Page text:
History of African Dinosaurs


History of African Dinosaurs

Africa has a rich dinosaurs’ fossil record, but it is patchy and incomplete. That incompleteness has meant that the course of dinosaur evolution in Africa has largely remained a mystery. But in the Egyptian Sahara Desert, scientists have discovered a new species of dinosaur that helps fill in those gaps. The discovery has been said that it could be could be the missing piece to the puzzle of African dinosaur evolution. The newfound species offers a rare glimpse into the final chapter of the age of dinosaurs in Africa.


Paleontologists have named the creature Mansourasaurus.   The Mansourasaurus was a Titanosaur, a subgroup of the long-necked plant-eating sauropods that roamed the Cretaceous.  It walked on four trunk-like legs, and had a long sweeping tail. It was roughly the size of a bus, and it weighed about as much as an African elephant. While precious little is known about the dinosaur’s habits, its size and body composition are quite familiar. It was however well equipped for picking leaves and other flora and, like its peers, had very little interest in meat.

Was Africa an isolated continent?

When dinosaurs first emerged, they populated a single land mass made up of connected continents. But as those continents began to shift and break apart, many terrestrial dinosaurs became separated by vast oceans. Some palaeontologists theorised that, like modern-day Australia, Cretaceous Africa was essentially an island continent filled with unique species. Other experts suggested the African land mass still had ties to its neighbours.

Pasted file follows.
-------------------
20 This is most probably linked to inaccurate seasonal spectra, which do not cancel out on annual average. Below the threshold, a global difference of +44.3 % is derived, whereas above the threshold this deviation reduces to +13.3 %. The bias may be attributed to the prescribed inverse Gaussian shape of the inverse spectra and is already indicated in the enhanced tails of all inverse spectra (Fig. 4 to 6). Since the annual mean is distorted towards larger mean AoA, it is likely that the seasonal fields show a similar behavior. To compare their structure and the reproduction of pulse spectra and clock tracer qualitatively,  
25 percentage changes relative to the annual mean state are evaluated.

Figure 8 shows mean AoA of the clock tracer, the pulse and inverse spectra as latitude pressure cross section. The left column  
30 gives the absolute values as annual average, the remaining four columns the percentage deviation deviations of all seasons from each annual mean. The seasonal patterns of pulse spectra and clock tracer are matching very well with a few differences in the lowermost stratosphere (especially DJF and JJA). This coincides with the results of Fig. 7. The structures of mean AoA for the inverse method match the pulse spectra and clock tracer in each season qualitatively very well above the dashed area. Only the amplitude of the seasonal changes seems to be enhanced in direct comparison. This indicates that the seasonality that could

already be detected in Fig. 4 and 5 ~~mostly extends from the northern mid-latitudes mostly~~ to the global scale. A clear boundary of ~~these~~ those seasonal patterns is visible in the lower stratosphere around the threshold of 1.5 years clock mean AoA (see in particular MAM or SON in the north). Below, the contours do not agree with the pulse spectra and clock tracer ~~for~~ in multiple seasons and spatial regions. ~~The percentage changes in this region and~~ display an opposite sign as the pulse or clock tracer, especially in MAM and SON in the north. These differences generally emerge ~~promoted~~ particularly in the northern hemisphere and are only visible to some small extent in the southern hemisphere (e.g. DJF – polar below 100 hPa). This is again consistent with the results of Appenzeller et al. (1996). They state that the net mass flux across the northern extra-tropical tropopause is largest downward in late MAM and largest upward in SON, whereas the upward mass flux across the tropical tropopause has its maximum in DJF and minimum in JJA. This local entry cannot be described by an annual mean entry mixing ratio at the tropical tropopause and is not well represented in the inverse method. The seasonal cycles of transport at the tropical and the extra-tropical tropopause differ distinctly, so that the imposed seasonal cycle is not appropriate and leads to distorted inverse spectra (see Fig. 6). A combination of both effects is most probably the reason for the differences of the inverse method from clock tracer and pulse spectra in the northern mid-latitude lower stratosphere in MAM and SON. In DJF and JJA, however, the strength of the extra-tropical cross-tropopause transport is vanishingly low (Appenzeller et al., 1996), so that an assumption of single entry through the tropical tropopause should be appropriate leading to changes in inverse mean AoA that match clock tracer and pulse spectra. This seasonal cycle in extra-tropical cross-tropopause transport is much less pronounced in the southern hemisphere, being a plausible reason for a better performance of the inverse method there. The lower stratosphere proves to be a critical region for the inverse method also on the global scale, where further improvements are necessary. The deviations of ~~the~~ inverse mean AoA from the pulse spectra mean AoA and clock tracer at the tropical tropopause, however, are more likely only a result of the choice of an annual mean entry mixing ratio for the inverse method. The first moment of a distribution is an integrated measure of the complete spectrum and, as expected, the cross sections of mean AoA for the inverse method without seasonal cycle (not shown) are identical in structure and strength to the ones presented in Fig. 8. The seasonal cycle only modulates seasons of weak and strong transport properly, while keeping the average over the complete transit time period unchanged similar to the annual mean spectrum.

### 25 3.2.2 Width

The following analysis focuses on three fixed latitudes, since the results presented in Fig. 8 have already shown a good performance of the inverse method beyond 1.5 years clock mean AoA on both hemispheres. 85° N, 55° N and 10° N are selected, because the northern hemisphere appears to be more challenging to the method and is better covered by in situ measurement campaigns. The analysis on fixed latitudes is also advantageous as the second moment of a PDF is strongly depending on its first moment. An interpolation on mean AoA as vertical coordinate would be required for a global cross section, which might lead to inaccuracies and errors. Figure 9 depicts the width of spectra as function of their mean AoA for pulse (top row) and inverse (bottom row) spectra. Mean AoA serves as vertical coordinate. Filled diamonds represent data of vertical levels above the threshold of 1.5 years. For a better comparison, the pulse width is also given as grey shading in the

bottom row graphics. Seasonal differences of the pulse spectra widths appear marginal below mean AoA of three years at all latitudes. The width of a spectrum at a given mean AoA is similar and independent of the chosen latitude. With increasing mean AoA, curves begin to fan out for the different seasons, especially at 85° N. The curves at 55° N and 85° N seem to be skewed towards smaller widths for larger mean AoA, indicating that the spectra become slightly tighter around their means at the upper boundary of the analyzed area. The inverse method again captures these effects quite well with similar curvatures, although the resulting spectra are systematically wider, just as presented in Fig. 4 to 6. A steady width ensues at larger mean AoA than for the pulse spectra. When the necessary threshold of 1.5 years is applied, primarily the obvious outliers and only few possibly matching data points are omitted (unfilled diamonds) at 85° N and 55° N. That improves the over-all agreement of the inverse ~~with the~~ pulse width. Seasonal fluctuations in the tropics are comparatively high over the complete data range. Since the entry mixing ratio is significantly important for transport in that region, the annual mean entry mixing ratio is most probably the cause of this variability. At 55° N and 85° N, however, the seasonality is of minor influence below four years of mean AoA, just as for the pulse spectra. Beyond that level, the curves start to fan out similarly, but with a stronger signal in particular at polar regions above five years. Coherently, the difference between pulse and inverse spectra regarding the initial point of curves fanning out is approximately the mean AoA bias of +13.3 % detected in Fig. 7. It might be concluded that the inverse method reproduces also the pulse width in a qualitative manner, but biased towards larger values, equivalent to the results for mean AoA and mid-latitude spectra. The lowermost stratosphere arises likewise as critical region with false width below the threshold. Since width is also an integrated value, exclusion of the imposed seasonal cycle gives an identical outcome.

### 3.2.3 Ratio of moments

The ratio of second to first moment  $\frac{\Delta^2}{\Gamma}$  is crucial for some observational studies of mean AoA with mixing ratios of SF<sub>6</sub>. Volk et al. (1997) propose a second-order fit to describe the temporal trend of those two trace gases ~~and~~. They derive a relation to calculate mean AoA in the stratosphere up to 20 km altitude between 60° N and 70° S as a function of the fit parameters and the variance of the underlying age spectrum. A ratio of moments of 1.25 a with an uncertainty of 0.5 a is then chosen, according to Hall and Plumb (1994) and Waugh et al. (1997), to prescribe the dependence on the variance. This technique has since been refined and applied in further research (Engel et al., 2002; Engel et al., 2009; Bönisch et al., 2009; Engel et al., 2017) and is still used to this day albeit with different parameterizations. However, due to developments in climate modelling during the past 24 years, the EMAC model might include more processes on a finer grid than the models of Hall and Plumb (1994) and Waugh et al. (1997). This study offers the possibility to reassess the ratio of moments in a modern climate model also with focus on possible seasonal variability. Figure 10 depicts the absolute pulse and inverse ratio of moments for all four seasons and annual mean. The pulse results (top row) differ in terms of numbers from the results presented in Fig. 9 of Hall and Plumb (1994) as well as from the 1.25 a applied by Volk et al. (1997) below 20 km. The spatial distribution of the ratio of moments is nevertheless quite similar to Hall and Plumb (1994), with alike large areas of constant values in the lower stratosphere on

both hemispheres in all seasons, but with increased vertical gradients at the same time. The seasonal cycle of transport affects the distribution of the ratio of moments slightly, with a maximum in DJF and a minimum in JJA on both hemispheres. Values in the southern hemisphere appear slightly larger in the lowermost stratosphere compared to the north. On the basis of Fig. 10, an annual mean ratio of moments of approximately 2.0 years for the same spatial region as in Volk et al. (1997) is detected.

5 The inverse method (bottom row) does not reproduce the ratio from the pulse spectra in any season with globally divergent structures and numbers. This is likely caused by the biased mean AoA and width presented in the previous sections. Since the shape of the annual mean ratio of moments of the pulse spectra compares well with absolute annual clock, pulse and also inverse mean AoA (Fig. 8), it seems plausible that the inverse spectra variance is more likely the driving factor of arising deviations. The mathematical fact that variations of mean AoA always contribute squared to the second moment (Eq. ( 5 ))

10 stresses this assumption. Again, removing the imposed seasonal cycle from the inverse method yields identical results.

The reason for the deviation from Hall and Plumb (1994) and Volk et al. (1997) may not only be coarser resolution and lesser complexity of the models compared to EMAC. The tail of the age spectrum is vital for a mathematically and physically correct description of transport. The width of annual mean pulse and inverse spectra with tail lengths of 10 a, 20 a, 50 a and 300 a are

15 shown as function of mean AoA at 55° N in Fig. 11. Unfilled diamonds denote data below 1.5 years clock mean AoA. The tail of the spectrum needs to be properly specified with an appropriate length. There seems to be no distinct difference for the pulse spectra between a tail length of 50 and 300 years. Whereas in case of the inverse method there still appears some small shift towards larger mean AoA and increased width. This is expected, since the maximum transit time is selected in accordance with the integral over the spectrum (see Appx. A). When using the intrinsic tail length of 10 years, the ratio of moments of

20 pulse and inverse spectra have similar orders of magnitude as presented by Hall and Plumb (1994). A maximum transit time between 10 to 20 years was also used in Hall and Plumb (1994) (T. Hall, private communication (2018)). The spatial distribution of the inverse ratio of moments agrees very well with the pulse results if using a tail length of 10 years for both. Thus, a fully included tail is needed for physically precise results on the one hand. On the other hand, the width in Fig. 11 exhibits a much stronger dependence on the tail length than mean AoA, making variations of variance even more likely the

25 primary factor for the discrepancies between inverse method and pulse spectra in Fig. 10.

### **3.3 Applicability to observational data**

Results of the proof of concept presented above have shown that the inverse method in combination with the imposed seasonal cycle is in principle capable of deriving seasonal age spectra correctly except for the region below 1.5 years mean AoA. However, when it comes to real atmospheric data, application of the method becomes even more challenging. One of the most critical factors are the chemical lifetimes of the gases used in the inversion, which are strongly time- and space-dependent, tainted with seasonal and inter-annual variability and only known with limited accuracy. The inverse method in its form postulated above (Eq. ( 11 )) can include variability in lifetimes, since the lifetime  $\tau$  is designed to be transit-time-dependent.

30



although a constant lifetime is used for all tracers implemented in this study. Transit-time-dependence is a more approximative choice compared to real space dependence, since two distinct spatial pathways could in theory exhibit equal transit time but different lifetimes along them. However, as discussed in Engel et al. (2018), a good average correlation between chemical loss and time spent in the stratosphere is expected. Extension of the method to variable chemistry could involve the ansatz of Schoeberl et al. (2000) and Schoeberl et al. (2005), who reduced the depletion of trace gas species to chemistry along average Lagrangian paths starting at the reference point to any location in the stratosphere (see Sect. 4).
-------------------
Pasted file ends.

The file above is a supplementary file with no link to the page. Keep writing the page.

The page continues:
New research published in Nature Ecology and Evolution shows that Cretaceous-era dinosaurs living in Africa and Europe weren’t completely cut off from each other, as is typically assumed. That was the time when the Earth’s supercontinent Pangaea split apart, drifting into the continents we see today. The fossilized remains of Mansourasaurus, found in Egypt’s Western Desert, suggests dinosaurs living in Africa and Europe weren’t as isolated as previously thought. This is due to the Mansourasaurus’ similarity to other sauropod dinosaurs from around the same time, including many skeletal features that match up with creatures found in Europe. They reveal that dinosaurs in Africa didn’t exist in a vacuum.The discovery is answering a long-standing mystery about dinosaur evolution at a time when Earth’s continents began drifting further and further apart.

The remarkable similarity of this newly discovered African species to sauropods found in both Europe and Asia suggests that creatures co-mingled much later than expected.


By Laswet